When my daughter and soon to be son-in-law were helping me set up my blog a year and a half ago, I asked my daughter, “Do you think my blog’s name and heading – Nancy’s Point, A blog about breast cancer and loss, is really depressing?”
“Well, a little bit,” she answered honestly.
At the time, I asked myself well, how do you write about breast cancer and loss without it becoming too depressing? Is that even possible? How do you write about such serious matters in a way in which people might still want to read it?
I don’t know the answers. Back then I decided all I could do was tell the truth, my truth. That’s what I still try to do. I believe in truth telling, even when it’s hard and this week it’s really hard.
This week my truth is this: I’ve been feeling like screaming, I’ve been feeling like crying and sometimes I’ve been feeling like doing both at the same time.
On the one hand, all I want to do is scream out at the injustice and cruelty of metastatic breast cancer. I want to
I will no longer accept excuses for our lack of more humane treatments. Sometimes it’s hard to tell which killed the person, the cancer or the treatment.
I will not settle for minuscule amounts of funds raised being spent on metastatic breast cancer research – 2% is NOT enough!
I will not be satisfied with pink ribbons, and races and walks.
I will not be quiet when it seems as if breast cancer has become accepted, almost as if it is a normal thing.
I will not be quiet when breast cancer is portrayed as a fight you can win if you just stay positive and fight hard enough.
I will not accept that 40,000 deaths per year to breast cancer alone is true progress in this war that was declared on cancer forty years ago.
I am tired of being patient.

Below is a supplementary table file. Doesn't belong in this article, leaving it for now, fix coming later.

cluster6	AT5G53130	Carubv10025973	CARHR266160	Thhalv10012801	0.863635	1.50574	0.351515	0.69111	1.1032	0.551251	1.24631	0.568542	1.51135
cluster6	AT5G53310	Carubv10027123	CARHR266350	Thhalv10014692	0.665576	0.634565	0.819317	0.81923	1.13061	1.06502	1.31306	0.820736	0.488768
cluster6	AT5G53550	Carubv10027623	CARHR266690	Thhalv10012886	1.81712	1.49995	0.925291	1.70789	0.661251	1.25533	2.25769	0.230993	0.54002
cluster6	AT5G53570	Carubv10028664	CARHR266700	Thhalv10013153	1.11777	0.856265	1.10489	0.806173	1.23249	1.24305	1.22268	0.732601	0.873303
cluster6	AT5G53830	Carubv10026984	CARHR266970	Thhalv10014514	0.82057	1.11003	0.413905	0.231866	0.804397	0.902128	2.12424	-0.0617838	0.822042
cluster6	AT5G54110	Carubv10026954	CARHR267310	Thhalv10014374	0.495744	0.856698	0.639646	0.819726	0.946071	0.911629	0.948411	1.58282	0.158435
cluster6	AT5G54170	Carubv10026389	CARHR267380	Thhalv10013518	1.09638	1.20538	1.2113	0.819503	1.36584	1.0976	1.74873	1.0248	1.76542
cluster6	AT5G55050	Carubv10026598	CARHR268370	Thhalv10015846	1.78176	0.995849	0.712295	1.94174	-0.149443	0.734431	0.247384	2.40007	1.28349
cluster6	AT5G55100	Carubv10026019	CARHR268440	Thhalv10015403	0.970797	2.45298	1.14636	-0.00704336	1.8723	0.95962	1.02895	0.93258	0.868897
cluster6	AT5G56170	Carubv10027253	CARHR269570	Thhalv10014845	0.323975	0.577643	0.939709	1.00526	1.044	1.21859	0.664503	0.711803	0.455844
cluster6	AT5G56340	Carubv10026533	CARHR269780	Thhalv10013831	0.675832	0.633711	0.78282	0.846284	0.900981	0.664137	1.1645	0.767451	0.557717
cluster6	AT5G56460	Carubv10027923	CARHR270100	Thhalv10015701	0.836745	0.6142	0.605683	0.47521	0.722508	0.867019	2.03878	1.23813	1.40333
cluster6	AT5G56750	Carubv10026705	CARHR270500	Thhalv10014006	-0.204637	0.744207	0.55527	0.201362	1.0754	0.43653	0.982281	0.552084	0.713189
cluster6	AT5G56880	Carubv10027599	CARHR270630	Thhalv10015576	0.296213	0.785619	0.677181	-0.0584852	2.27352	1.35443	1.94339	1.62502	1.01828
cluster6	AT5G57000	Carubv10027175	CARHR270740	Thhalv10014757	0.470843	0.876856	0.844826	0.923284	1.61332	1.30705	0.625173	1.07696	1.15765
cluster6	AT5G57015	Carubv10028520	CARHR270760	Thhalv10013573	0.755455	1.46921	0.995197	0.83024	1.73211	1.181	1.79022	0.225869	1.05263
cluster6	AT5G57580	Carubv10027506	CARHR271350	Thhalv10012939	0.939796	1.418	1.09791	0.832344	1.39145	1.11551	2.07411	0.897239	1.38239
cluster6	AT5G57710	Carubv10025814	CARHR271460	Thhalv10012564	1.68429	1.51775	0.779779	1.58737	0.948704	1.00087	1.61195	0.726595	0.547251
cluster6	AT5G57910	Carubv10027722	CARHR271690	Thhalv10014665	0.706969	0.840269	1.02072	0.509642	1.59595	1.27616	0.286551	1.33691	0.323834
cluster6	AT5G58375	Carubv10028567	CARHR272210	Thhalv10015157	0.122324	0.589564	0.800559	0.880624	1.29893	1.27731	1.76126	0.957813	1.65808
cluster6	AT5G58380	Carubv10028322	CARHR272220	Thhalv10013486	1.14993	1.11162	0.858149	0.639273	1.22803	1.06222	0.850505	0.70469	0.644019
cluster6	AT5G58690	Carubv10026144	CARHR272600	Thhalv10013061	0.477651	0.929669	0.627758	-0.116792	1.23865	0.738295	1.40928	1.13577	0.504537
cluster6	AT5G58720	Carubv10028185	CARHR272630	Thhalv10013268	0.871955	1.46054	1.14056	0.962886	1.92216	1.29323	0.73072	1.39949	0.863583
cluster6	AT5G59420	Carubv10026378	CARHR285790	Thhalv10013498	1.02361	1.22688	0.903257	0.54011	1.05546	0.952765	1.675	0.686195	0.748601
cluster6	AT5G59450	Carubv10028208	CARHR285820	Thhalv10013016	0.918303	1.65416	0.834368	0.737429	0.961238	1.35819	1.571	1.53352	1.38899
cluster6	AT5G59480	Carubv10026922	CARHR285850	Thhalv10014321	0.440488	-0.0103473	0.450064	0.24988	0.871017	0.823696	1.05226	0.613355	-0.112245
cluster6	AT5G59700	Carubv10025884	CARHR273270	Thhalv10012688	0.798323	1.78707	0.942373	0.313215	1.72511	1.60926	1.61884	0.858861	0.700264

In the end, my discontent is not what matters. The facts of metastatic breast cancer matter. I hope you’ll visit the Metastatic Breast Cancer Network website and learn about some of them.
Sometimes during the past few days I did not feel like screaming.
Sometimes I felt like weeping and I did.
I wept for my mother and now for Rachel and Susan and also for Cheryl who passed away on January 15, 2012. I wept for all the women (and men) lost to metastatic breast cancer and the ones I know and do not know who will still be lost.
But weeping will not change things. Screaming in frustration will not change things.
We need meaningful action to change things.
If you are as appalled as I am about the 40,000 lives still being lost each year to metastatic breast cancer, please join in the discussion. Please visit METAVivor Research & Support, Inc. for more information. Please join an Army of Women. Please donate to a charity that actually focuses on research. Please expect accountability from whatever charities you do donate to.
Please do not settle. Most importantly of all, please do not stay quiet.
Join me and so many others in expecting, no demanding more.
As Stacey from Bringing Up Goliath said in a recent post, “Don’t let it (the losses) be for nothing.”
Some days are for screaming. Some days are for crying. Some days are for both.
This is one of those
Rachel’s family chose the following organizations as ones being worthy for donations made in her memory. If they are good enough for Rachel, they are good enough for me. Check them out.
Who are you remembering?
How do you handle anger and sadness after loss?
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